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I've spent the better part of a quarter century working with some very talented individuals on a variety of interesting and highly rewarding technology projects ..... and been lucky enough to have done this across a number of different clients, countries, continents and cultures.
My experiences have led me to understand and be a strong proponent of two practices that I believe maximize the chances of success in any project or initiative.
By combining practical planning and execution best practices with a people-centric culture where everyone feels valued, any venture immediately becomes an achievable opportunity.
So how do we go about making this happen? Well, a structured, but flexible, adherence to agreed upon project management principles and practices lays the foundation to then encourage motivated resources (employees, contractors, vendors, etc...) who bring the initial idea and vision to its full fruition.
I've always believed that a healthy blend of the right attitude, people and process will ensure that "Today is better than yesterday... but not as good as tomorrow can be"
A strong Project Management Office (PMO) will help any organization deliver more projects within budget, will ensure these projects align with corporate objectives and will lead to an increase in customer satisfaction.
While there is no silver bullet that guarantees project and organizational success, implementing project, program and portfolio standards and best practices (with or without creating a PMO) will better position any business to address customer needs and the ever changing demands of the marketplace.
"The State of the PMO 2012" - PM Solutions
In my presentation entitled "Portfolios, Programs, Projects and the Enterprise PMO" (freely available in PDF format here) I look at how the Project Management Office supports an organization and helps deliver real business value and results.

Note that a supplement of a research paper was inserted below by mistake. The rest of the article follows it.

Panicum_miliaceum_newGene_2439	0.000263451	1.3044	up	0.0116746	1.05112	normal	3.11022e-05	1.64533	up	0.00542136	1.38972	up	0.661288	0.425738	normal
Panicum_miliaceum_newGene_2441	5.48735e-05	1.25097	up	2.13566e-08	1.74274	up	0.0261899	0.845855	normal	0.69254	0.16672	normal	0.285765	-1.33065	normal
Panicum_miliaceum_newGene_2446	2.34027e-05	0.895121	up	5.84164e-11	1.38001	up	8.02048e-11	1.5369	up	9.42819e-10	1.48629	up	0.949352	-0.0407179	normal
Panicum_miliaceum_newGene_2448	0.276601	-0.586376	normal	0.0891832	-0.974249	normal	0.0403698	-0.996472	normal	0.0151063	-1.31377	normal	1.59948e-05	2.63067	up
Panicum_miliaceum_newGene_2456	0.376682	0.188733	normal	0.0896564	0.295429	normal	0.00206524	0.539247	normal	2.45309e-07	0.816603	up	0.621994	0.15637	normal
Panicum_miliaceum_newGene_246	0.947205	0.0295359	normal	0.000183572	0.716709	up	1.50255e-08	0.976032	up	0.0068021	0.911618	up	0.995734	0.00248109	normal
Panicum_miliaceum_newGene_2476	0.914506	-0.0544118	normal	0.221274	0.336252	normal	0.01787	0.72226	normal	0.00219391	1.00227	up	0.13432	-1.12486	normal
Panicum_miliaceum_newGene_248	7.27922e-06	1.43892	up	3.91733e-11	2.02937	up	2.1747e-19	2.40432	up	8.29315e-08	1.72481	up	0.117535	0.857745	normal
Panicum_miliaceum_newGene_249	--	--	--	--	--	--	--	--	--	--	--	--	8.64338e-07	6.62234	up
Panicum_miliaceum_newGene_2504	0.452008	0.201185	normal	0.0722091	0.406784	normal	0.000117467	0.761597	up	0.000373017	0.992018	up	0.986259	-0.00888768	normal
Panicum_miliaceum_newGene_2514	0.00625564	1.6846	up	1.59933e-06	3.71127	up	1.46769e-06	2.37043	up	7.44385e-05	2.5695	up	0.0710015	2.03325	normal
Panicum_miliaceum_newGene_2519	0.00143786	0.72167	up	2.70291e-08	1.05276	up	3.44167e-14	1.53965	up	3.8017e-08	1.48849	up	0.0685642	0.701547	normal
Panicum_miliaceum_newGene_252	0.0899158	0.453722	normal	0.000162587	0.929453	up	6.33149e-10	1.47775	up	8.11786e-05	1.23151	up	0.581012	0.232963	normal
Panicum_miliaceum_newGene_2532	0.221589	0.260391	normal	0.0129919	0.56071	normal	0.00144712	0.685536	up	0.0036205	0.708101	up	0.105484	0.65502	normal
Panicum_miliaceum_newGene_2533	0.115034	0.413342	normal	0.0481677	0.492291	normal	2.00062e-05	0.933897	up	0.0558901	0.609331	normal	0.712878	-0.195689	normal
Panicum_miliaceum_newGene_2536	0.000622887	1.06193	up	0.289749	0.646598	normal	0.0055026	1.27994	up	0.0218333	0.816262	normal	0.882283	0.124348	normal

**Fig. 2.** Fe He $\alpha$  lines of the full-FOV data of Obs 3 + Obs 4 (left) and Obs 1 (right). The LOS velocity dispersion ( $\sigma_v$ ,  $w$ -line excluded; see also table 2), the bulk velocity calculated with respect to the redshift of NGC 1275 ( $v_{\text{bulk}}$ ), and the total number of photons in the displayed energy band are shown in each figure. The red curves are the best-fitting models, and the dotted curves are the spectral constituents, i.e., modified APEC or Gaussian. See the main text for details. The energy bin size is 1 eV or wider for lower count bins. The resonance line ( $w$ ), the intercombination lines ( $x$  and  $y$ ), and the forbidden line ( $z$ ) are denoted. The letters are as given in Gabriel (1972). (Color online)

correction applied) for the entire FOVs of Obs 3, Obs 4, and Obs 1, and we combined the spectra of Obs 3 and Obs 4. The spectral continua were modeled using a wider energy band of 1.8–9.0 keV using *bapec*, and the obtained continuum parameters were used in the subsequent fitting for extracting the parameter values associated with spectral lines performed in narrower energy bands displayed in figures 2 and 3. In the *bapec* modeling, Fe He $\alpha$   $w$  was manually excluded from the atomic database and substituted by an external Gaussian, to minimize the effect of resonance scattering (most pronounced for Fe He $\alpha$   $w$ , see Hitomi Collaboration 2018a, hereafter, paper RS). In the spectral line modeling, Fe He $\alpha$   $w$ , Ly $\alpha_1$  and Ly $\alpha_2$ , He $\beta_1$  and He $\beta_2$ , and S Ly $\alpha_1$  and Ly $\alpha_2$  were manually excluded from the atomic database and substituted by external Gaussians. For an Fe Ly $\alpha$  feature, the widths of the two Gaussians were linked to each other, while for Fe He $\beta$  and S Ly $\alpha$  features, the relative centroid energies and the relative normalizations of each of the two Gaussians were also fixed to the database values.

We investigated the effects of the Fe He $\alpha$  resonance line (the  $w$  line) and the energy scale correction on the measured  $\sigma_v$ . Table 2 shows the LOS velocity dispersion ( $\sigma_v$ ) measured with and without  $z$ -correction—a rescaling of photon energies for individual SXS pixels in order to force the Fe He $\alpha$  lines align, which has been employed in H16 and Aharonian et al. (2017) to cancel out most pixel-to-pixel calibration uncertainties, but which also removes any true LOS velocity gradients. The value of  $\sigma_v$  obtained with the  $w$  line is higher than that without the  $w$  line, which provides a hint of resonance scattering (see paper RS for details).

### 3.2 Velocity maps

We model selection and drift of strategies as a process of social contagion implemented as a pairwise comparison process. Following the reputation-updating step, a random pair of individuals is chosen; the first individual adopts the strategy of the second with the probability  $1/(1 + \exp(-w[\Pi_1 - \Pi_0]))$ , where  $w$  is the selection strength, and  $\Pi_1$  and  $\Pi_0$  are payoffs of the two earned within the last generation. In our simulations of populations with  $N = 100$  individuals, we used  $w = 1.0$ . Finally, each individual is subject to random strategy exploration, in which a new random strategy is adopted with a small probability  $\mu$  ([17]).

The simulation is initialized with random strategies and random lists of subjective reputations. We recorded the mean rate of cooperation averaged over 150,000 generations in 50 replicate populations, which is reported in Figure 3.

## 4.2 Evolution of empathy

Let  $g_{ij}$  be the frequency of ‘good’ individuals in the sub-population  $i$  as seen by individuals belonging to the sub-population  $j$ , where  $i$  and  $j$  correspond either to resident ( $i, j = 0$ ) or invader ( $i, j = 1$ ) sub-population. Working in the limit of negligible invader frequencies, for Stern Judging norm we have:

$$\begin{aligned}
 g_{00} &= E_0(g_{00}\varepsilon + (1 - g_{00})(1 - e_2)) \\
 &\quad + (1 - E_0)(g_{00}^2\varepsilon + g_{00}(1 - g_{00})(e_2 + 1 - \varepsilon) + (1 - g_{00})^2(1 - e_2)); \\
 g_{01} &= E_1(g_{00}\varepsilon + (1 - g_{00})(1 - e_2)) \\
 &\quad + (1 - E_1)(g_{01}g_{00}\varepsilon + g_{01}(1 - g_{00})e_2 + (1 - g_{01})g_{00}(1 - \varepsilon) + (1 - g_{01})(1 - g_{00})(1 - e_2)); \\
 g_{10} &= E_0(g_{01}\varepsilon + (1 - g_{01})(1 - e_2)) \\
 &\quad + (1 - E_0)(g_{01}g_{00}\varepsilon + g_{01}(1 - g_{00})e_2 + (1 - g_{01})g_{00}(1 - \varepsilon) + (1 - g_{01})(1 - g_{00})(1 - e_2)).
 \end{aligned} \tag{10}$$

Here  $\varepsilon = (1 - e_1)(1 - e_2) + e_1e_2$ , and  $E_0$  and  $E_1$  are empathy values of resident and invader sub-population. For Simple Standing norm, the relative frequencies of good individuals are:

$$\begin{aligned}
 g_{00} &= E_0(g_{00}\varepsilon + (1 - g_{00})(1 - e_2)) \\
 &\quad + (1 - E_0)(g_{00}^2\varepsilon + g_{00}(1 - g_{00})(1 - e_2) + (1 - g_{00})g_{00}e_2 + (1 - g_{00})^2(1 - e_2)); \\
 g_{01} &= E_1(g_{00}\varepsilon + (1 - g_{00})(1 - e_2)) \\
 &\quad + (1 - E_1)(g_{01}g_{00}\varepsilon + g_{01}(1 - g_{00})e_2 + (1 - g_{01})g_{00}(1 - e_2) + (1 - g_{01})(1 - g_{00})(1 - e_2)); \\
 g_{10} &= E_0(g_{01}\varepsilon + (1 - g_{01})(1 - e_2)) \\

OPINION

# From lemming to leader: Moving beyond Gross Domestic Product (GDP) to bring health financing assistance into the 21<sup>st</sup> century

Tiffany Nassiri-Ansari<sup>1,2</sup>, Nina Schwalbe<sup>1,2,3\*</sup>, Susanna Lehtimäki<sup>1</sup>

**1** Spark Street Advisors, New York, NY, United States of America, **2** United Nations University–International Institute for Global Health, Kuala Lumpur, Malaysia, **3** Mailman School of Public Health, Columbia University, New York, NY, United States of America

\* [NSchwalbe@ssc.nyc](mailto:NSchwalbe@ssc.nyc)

When staff (including contractors or temporary employees) are fully engaged in the business they feel valued, are eager to go the extra mile, inspire their colleagues and become leaders. This leads to the entire team and/or organization being more motivated and productive.
True engagement comes from a holistic understanding that we are all different and as such our needs are unique. While we all understand the objective of a particular project or business strategy, each of us helps achieve it in a slightly different way.
The key is to build and nurture your team so that everyone has a vested interest beyond simply "doing what I've been assigned to".
Engaged employees know their opinions matter, they help each other for the betterment of the group and they manage their differences before they are ever allowed to become a conflict.
A 2012 Gallup report estimated that "disengaged employees cost the U.S. between $450 billion to $550 billion each year in lost productivity."
Yet within any organization, department or project team it isn't difficult to develop a conflict-free culture of openness, unity and desire to work together in a collaborative and productive manner.